Wednesday, 22 December 2010

Hollow Gound

Ever since I had a house extended and talked to the bricklayer, I have been an observer of walls. I have to say his bricklaying was excellent. It put the rest of the house to shame. The courses and joints were regular and  even. So these days I look carefully at bricks and their joints, searching for true artistry. So there's my tip of the day, go look at a wall.

Anyway. Closely Observed Walls:

This rather artistic display of good mortar and truly awful 1960's bricks was, until a few years ago, holding up the A34 at one of the bridges in Newbury. I don't know where they got the bricks but just look at the state of it.. I had noticed it decaying for some years and eventually decided to get this picture in 1998. The result was this almost abstract arrangement of lines, light and shadow.

Fast forward ten years to Durham (the Cathedral that bans photography) and walk down a side street, where you will find a sandstone wall that is going the same way: This is a much more organic experience, but just as concave..

Finally: Down by the canal in Newbury there is a historic town house with a nice set of graffiti carved into the bricks at shoulder height. I have visions of workmen leaning against the building waiting to be paid, and scratching their marks*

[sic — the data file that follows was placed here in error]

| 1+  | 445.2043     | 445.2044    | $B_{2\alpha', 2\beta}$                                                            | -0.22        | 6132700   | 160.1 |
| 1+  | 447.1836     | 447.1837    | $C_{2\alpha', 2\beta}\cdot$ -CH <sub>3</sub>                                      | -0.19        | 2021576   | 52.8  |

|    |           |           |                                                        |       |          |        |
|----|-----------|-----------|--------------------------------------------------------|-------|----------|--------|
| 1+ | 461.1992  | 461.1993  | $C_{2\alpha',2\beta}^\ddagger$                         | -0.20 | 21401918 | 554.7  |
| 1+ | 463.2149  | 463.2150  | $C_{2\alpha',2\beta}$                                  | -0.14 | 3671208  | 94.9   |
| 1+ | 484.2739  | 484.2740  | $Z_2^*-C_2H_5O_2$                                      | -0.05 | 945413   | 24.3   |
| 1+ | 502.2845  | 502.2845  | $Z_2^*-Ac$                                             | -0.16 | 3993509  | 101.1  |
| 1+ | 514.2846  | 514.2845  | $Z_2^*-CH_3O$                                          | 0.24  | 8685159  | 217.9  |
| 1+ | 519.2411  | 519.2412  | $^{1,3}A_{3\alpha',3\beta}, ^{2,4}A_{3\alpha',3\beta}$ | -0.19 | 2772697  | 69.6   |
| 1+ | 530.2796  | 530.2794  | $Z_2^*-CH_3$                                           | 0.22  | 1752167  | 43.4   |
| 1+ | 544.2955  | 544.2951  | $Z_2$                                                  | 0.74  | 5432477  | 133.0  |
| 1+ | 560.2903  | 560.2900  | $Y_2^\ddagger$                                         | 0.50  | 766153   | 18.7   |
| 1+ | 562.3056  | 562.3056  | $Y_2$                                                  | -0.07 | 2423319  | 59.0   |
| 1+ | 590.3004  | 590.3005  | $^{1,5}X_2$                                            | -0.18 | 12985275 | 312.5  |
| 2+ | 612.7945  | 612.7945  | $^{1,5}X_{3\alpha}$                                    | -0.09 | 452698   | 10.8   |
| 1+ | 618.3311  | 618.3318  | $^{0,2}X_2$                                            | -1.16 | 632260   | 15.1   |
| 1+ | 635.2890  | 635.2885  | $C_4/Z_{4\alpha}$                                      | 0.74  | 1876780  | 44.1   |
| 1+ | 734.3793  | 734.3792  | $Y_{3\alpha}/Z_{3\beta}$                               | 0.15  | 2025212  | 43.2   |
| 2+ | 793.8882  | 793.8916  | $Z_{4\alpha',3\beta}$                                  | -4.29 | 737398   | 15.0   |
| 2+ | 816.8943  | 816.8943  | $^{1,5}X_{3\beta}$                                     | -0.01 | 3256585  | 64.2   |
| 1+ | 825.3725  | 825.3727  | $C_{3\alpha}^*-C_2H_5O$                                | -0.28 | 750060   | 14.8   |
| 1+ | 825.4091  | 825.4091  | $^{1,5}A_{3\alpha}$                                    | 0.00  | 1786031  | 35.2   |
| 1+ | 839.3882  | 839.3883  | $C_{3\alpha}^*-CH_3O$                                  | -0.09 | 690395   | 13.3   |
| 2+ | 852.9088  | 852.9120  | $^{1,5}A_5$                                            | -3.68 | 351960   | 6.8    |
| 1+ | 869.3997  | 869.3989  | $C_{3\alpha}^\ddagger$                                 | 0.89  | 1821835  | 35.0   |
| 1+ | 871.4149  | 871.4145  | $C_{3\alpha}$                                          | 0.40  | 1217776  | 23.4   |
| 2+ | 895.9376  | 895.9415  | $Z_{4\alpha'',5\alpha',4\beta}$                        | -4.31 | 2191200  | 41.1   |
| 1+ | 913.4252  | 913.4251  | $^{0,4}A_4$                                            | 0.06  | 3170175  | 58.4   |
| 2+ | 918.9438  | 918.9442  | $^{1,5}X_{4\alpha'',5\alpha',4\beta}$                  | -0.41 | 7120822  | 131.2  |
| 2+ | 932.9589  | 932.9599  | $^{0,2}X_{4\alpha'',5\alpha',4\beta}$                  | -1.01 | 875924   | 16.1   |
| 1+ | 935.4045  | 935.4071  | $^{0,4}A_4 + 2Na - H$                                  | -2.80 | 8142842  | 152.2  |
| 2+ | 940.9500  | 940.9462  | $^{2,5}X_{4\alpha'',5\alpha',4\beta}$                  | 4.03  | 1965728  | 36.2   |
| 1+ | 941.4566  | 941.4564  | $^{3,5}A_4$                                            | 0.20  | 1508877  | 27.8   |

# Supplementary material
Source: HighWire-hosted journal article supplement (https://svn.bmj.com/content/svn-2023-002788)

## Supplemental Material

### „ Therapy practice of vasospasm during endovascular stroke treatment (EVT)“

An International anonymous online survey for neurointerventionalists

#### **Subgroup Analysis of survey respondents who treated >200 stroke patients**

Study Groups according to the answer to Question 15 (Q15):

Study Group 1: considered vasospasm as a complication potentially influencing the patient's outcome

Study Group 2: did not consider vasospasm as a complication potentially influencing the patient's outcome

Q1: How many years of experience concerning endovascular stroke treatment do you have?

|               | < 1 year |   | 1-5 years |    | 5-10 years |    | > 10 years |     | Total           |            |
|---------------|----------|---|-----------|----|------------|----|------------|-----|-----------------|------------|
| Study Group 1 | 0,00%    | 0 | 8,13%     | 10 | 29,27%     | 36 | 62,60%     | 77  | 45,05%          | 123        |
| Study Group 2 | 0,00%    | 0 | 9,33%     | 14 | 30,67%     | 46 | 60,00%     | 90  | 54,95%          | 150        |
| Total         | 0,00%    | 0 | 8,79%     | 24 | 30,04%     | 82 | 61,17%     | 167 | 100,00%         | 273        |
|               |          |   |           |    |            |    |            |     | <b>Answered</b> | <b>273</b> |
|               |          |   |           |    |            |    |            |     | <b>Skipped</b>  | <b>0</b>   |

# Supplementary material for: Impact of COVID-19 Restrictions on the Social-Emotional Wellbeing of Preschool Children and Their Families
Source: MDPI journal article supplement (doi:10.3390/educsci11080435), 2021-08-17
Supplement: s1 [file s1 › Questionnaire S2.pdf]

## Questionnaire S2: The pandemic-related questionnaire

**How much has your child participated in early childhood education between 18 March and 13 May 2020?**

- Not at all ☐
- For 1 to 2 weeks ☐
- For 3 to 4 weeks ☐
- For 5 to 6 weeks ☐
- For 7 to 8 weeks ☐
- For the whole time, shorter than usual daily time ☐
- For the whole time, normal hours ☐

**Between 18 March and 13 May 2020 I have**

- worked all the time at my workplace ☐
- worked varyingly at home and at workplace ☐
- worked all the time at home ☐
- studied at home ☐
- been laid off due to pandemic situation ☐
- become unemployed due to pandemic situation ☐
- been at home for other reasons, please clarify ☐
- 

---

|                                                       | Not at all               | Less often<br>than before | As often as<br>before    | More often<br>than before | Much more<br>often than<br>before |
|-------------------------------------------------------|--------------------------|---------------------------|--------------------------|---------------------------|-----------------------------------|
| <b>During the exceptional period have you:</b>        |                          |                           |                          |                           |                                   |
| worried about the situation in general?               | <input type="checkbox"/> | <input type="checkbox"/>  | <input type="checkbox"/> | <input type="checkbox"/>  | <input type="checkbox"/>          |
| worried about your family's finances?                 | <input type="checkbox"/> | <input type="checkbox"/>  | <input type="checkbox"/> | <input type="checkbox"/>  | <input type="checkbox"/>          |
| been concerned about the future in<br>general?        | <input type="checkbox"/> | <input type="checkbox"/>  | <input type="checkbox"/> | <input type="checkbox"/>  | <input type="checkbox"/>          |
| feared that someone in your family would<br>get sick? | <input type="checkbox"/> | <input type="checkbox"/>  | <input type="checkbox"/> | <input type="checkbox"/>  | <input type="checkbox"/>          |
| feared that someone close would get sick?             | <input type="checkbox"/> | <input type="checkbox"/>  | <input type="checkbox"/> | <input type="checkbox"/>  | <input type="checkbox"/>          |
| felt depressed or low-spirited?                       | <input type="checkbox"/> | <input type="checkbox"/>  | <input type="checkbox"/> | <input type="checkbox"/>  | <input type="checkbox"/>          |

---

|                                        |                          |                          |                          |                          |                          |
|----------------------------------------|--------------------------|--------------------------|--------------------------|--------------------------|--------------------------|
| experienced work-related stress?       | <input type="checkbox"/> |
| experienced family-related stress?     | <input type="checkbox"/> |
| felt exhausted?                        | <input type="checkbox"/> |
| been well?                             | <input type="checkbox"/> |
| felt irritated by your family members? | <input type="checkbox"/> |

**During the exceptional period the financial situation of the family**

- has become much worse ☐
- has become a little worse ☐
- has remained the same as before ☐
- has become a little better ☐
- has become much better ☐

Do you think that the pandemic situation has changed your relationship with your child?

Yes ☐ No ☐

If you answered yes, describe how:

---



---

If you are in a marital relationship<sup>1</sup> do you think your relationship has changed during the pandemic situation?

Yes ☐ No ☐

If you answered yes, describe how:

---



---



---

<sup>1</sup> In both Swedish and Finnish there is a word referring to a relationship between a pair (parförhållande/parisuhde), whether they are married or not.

What nicely shaped letters. Look, proper serifs. Aah, you can't get good graffiti these days. Where have all the artists gone?

*Actually, you see quite a few bricks with inscriptions around Newbury if you look at walls enough. We have a "Kiln Road" and "Clay Hill" so I think we might have had our own brickworks. I wonder if these marks were actually put there at the brickworks ...

1 comment:

  1. It's a long time since I visited Durham Cathedral but I still have the photographs I took there. I'm amazed to hear that they don't allow photography, and even more surprised that they don't follow the example of other such places and make a charge for it (and stipulate that it must be for private use only). Such a ban would mean that I wouldn't go in, and any spending that they might have had from me would not go their way. Very puzzling.

    I'm enjoying the posts Pete, particularly your wide range of approaches to image making.